Moceanu has been even more vocal about her concerns since her sport became engulfed in a sex abuse scandal surrounding Larry Nassar, a longtime US gymnastics doctor, who treated athletes at the Karolyi Ranch.

Nassar, 53, has been charged with 22 counts of sexual conduct, with five of whom were minors at the time, and is facing life in prison if found guilty.

Although Moceanu was not sexually abused, she has spoken out in support for those gymnasts who have come forward and also testified before the Senate Judiciary Committee in March about sexual, emotional and physical abuse.

She believes the toxic environment at the Karolyi Ranch set the stage for someone such as Nassar to abuse their power.

“It's terrible because so many people trusted [Nassar] and people were looking the other way when there were red flags,” she said. “I was not assaulted by Dr Nassar, but I support the women because they came to me and they trusted me with this information and I helped them report it.

“Children are afraid to speak up because there are these people with complete power and they hold your dreams in the palm of their hand.

“If you say anything or try to speak up, these people may take that away. There's always a threat there; it's unspoken most of the time, but it's there and you know it exists.”

She added: “It's just not appropriate for a male doctor to treat a gymnast alone in their room. People knew that and why was it not addressed earlier?

“There were a lot of missteps and now they're trying to clean it up and it's not even gone to trial yet. There's so much more evolving from this entire situation.”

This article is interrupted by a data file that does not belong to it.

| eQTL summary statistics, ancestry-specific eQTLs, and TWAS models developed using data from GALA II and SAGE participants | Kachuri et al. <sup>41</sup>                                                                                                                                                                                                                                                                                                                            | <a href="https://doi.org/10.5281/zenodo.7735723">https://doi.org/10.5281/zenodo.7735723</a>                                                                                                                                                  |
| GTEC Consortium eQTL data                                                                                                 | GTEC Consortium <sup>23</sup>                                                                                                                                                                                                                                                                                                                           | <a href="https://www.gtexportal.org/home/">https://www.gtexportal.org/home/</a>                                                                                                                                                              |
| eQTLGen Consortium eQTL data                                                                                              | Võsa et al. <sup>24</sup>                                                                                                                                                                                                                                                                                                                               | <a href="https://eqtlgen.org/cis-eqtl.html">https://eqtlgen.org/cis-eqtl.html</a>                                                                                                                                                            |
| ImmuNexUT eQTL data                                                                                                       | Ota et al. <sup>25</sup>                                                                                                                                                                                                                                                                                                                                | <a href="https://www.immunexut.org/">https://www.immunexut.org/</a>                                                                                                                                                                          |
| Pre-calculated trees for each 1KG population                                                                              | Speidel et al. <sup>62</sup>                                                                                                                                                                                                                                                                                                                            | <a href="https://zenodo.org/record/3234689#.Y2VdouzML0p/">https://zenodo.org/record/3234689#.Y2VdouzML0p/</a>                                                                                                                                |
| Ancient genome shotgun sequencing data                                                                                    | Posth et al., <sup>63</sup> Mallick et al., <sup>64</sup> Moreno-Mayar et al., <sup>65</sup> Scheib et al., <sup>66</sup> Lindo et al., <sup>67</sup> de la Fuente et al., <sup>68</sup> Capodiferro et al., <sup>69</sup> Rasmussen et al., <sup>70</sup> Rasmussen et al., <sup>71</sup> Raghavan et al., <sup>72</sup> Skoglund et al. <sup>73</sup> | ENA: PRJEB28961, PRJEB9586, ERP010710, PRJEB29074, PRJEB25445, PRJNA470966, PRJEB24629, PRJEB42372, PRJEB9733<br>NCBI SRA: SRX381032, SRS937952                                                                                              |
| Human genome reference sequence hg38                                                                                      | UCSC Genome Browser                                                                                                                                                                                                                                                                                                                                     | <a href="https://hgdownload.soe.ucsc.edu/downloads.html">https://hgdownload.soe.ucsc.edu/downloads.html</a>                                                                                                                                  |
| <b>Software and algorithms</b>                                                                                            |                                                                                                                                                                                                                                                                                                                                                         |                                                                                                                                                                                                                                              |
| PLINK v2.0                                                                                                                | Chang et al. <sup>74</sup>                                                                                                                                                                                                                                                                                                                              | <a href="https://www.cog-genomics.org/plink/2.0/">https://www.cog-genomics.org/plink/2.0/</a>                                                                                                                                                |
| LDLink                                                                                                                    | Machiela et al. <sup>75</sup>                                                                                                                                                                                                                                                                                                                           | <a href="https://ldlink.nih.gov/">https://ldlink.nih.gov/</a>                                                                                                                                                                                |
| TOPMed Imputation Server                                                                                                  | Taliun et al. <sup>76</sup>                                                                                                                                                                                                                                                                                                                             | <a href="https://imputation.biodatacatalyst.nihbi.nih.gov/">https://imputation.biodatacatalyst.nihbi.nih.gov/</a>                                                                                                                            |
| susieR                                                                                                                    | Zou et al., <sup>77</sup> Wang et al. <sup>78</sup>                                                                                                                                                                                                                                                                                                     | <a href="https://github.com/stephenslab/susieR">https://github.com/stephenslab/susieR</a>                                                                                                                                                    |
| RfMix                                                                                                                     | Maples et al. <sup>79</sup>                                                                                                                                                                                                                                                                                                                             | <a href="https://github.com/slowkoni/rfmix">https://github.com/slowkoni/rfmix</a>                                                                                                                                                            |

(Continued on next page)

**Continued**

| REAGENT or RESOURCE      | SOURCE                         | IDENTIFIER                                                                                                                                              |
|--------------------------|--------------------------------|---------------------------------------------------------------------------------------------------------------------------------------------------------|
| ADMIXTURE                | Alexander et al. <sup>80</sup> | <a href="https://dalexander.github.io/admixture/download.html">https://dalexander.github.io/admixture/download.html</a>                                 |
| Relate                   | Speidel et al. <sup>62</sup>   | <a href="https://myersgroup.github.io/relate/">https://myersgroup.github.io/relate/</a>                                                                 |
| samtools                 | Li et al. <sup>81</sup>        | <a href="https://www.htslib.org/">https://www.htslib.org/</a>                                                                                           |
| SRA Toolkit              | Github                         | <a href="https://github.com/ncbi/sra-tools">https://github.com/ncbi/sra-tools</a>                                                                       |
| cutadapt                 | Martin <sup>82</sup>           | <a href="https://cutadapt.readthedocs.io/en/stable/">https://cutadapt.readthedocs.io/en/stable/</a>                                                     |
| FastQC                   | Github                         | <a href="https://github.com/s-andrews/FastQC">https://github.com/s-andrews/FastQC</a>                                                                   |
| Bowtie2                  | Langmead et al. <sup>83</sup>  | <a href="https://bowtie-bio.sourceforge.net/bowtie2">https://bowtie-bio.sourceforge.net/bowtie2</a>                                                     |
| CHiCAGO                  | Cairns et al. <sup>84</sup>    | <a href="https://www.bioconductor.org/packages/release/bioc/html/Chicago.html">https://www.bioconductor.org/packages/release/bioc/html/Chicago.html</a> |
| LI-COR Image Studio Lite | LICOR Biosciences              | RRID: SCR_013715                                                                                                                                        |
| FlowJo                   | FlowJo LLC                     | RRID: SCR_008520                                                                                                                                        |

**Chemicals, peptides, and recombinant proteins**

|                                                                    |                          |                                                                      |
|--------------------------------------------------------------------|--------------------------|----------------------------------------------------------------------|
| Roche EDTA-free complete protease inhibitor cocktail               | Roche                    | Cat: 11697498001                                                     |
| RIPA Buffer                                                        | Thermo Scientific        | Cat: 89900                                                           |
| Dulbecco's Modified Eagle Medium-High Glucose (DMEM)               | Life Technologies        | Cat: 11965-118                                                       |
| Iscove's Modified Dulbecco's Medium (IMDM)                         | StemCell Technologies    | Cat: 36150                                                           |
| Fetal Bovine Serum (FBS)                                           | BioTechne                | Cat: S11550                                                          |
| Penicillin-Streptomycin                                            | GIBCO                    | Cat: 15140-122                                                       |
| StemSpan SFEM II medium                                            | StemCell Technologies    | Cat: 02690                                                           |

Despite Moceanu's turbulent relationships with her coaches and father, she still loves her sport and chooses to focus on the good times, particularly her Olympic experience.

“Atlanta was the first time our team really had a chance of gold,” Moceanu said. “With the Olympics being on home soil, the pressure was unsurmountable. We knew we could do it and it felt like all the stars had aligned to make it happen.

“The coaches could have made it a better experience for me; they stole little bits of joy that I could have experienced. It was amazing to be part of something so monumental at such a young age, though.”

By Moceanu's own admission, her life, at times, has resembled a movie with an unbelievable plot- line, none more so than when she discovered she had a “secret” younger sister.

Jennifer Bricker, who was born without legs and was given up for adoption at the hospital at birth, is an acrobat and aerialist who idolised Moceanu before finding out they were sisters.

“Finding a long-lost sister when I was 26 years old was the biggest shock of my life,” Moceanu said.

“Honestly, I look back and can't believe how it all happened. You can't believe it's your life and you're looking at it like it's a movie.

“How many people's childhood idol becomes their sister? That's what happened. She's doing her own thing now and her career's taken off since the launch of our sisterhood.

“We share the same DNA, but we were strangers to each other. We were sisters by blood, but weren't sisters in a relationship yet. We live in different places but we're continually working on the relationship.

“To top it off she was born without legs and was doing gymnastics, tumbling and looked up to me. It will always be an interesting and amazing part of my life.”

Life through a lens: Moceanu, the youngest US gymnast to win an Olympic gold, visited Bermuda last week for the 1 World Bermuda, Beautiful Games (Photograph by Akil Simmons)

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Published May 10, 2017 at 8:00 am (Updated May 10, 2017 at 4:36 am)

Young stars must be protected, says Moceanu